...On May 6, 2010, if you remember, the stock market dropped 998 points, the single largest one day drop in the DJIA. But then it rebounded. In 15 minutes, the stock market lost 7%, about $1 trillion, of its value. If somebody lost, somebody gained.
The scary part was that the immediate answers were that it was possibly caused by computer glitches. In layman's terms...that's bad. HERE ARE SOME CONSEQUENCES.
Most Americans have their savings in real estate they live in, and stocks. Both are (should be) long term investments for most of those 'most Americans.' But both have so much riding on the day-to-day, that panics occur, and good people lose.
...I haven't paid much attention to the aftermath of what happened. I haven't pulled my life's savings out of the market (though its on my to-do list). But while I was checking the Workout-of-the-Day on Crossfit, I found this article:
Market Data Firm Spots the Tracks of Bizarre Robot Traders by Alexis Madrigal
"...Mysterious and possibly nefarious trading algorithms are operating every minute of every day in the nation's stock exchanges...
...(Nanex) the company spent weeks digging into their market recordings, replaying the day's trades and trying to understand what happened...
...High-frequency traders do employ algorithms to look for patterns in the market and exploit them, but their goal is making winning trades, not simply sending quotes into the financial ether...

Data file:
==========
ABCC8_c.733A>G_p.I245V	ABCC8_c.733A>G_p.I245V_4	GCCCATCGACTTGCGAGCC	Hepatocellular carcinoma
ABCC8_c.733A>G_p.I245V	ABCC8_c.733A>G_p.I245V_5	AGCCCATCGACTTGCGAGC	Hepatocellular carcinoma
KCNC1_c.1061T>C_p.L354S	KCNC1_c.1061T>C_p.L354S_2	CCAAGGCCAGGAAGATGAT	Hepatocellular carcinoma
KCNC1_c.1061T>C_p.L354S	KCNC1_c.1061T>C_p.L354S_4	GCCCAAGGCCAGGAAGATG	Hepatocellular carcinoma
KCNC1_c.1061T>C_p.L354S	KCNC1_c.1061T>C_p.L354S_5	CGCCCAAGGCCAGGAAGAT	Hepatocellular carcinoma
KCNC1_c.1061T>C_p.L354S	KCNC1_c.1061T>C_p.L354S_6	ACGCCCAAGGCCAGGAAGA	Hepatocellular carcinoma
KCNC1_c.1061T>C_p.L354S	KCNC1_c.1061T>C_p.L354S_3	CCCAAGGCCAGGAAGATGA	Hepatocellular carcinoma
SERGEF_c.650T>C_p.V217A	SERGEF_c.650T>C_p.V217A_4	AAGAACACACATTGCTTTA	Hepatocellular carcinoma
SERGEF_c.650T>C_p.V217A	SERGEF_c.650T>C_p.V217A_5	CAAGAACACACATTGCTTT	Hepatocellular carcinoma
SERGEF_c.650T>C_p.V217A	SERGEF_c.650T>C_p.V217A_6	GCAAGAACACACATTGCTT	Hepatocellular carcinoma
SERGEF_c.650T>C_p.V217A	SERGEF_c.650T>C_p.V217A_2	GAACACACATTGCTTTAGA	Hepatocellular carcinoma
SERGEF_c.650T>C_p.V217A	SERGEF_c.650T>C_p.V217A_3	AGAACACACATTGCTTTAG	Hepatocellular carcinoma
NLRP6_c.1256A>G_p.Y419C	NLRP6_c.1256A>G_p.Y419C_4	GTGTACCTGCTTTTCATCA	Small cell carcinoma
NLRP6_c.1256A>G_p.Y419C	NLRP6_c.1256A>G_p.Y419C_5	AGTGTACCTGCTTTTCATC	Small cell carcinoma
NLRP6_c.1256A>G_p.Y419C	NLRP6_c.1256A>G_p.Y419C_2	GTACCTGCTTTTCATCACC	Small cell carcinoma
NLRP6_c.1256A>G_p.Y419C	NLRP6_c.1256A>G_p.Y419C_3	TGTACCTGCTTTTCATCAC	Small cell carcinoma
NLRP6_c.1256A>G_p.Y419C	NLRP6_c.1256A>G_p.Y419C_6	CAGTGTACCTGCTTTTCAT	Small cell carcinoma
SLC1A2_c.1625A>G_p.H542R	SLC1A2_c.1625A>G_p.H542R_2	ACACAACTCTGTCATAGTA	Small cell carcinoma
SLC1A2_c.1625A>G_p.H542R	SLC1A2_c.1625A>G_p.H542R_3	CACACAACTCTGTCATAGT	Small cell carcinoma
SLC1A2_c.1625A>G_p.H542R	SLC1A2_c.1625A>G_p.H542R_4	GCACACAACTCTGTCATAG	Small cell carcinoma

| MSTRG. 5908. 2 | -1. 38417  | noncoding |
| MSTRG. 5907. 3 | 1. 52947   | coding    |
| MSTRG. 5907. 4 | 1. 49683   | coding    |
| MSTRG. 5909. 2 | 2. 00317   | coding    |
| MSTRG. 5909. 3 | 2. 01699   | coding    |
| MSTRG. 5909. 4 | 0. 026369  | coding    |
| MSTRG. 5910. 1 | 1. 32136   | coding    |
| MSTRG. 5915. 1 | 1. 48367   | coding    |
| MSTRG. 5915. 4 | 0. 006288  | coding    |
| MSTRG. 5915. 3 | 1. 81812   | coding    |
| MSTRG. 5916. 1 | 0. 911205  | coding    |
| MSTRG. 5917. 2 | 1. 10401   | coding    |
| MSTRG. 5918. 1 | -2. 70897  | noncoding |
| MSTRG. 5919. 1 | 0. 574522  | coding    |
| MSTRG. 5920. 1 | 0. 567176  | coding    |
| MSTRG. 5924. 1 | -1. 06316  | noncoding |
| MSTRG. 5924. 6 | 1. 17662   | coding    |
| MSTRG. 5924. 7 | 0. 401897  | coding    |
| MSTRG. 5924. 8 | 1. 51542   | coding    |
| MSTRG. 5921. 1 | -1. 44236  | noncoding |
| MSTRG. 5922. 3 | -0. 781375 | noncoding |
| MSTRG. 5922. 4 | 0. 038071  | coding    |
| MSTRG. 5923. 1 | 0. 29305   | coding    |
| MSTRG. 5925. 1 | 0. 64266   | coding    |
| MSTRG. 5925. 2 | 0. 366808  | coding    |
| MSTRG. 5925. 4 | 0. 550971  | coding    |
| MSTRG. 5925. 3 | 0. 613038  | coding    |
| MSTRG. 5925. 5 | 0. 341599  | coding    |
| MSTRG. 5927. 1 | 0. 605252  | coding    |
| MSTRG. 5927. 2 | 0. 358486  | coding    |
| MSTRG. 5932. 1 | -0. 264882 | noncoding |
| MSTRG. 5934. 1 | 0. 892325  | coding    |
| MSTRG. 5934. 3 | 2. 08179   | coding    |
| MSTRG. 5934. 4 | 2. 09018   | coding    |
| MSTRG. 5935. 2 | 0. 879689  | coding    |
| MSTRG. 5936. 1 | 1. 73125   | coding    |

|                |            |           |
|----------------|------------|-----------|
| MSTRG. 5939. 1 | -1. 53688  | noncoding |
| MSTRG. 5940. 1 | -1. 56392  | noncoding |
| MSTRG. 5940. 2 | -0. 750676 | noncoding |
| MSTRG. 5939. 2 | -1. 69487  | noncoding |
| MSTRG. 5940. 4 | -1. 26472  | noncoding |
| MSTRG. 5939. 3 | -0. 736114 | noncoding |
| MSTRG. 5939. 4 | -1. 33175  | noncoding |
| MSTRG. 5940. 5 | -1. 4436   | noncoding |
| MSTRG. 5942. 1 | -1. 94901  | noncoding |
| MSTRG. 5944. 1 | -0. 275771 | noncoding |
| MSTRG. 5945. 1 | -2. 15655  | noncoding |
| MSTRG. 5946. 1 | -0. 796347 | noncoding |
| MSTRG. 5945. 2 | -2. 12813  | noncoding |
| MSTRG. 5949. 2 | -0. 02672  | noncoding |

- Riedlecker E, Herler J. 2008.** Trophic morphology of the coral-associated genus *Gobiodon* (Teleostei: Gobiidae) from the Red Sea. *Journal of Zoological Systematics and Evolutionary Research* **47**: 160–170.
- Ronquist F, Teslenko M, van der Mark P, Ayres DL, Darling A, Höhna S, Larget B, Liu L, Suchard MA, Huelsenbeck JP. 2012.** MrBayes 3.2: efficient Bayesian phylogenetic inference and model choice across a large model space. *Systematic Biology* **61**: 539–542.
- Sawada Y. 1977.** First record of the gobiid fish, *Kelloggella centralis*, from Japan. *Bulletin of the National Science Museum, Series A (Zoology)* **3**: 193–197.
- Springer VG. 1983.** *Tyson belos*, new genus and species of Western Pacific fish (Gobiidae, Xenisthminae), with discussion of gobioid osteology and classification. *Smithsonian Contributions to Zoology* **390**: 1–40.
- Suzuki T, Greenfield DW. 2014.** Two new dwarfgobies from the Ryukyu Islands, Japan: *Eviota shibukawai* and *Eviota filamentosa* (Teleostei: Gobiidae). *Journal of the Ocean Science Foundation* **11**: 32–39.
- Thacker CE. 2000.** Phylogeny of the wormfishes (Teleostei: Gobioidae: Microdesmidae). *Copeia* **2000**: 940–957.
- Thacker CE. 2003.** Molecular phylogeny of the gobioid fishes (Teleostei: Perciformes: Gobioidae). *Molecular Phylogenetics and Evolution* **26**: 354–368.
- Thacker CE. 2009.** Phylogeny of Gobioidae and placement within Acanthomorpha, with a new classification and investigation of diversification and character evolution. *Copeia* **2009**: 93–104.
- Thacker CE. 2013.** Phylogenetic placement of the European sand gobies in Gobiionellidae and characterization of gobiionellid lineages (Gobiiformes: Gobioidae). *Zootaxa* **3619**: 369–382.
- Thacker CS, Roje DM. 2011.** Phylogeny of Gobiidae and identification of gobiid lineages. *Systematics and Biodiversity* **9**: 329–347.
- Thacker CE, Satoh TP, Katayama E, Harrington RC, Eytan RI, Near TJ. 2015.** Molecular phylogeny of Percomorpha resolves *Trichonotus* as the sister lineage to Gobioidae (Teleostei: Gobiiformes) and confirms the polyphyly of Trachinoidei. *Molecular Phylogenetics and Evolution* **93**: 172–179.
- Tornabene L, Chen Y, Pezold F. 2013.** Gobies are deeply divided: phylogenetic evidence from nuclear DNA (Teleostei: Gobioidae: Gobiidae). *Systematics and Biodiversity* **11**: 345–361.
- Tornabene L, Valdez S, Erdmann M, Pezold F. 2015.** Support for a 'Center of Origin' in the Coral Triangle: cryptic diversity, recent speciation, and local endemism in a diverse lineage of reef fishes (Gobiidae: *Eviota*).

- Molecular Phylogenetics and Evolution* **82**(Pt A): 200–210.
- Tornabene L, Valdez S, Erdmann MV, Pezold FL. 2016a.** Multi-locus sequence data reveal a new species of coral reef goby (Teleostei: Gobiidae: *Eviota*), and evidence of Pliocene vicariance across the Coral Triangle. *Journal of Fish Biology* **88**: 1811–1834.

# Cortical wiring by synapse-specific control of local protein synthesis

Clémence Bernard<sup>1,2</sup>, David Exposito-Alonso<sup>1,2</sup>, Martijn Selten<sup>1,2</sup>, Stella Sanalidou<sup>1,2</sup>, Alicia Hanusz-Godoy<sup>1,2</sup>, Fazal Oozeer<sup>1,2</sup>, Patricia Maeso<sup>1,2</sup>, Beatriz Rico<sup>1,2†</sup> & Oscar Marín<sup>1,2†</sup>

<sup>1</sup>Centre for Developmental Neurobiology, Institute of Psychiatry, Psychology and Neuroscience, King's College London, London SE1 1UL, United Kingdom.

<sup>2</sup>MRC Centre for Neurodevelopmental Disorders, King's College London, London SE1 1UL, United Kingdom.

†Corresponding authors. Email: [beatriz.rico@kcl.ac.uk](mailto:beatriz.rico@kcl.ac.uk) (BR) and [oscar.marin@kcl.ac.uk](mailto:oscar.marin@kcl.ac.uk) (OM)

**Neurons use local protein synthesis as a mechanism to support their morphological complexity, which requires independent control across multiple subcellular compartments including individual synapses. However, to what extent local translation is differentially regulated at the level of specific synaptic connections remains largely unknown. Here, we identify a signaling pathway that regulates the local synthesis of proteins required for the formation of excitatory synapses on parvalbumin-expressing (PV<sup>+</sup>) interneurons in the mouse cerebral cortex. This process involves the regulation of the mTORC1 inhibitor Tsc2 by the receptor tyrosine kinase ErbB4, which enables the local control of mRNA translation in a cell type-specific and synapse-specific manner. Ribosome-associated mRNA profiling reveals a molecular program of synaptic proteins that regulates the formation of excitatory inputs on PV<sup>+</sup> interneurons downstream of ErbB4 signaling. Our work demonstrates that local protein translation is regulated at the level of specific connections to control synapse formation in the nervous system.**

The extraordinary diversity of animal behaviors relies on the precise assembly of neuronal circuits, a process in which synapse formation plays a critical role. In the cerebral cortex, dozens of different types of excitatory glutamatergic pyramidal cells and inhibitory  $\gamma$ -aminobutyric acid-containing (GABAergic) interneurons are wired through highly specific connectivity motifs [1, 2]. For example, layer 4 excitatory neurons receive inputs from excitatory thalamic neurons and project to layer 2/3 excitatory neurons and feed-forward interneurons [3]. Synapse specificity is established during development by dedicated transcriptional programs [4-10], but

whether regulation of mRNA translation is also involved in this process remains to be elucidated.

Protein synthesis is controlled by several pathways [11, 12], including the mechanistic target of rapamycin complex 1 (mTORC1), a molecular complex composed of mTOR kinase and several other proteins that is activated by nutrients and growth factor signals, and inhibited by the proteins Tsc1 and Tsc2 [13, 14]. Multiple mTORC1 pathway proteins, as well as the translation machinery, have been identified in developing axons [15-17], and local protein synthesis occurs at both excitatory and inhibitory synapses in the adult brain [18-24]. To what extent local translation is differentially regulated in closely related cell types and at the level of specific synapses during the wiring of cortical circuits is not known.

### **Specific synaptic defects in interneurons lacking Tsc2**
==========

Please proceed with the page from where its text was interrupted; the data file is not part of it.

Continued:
...In a sense, they take nickel-and-diming down an order of magnitude or two. The advantage is that their trades are low-risk: they rarely hold positions for very long and any individual stock, future, or currency can't really sink the boat. High-frequency traders have become a target for all kinds of people, but most of them appear to make their money being a little faster and little smarter than their competitors. And if they are playing by the rules, they improve the quality of markets by minuscule amounts trade after trade after trade...
But the algorithms we see at work here are different. They don't serve any function in the market...it wasn't immediately apparent what such order placement strategies might do..."
...so, what you have is companies that have very large very fast computers, which make orders to purchase a stock when it hits a certain price, and sell at another. Kind of like an ebay auction. You know how that usually goes. If you are an individual without that fast computer - you are not getting that helmet for $14.99...it went for $15.02 at the last second, or half-second.
Found in the comments section of the on-line article:
"Or do the patterns emerge spontaneously, a kind of mechanical accident?" Very Funny. High frequency traders might have you think that, though. Truth is, they aren't dropping major coin on their computer systems to "make noise". The trading patterns which emerge at the millisecond profile are no more accident than hostile tanks rolling into Poland were.
It tells you that conditional orders, like a stop-loss, are no longer of positive value to the stockholder trading through a traditional broker, or through any other low frequency trading platform. In fact, such orders would correctly be viewed as being of negative value to the stockholder. You won't hear such things in the WSJ, to be sure.
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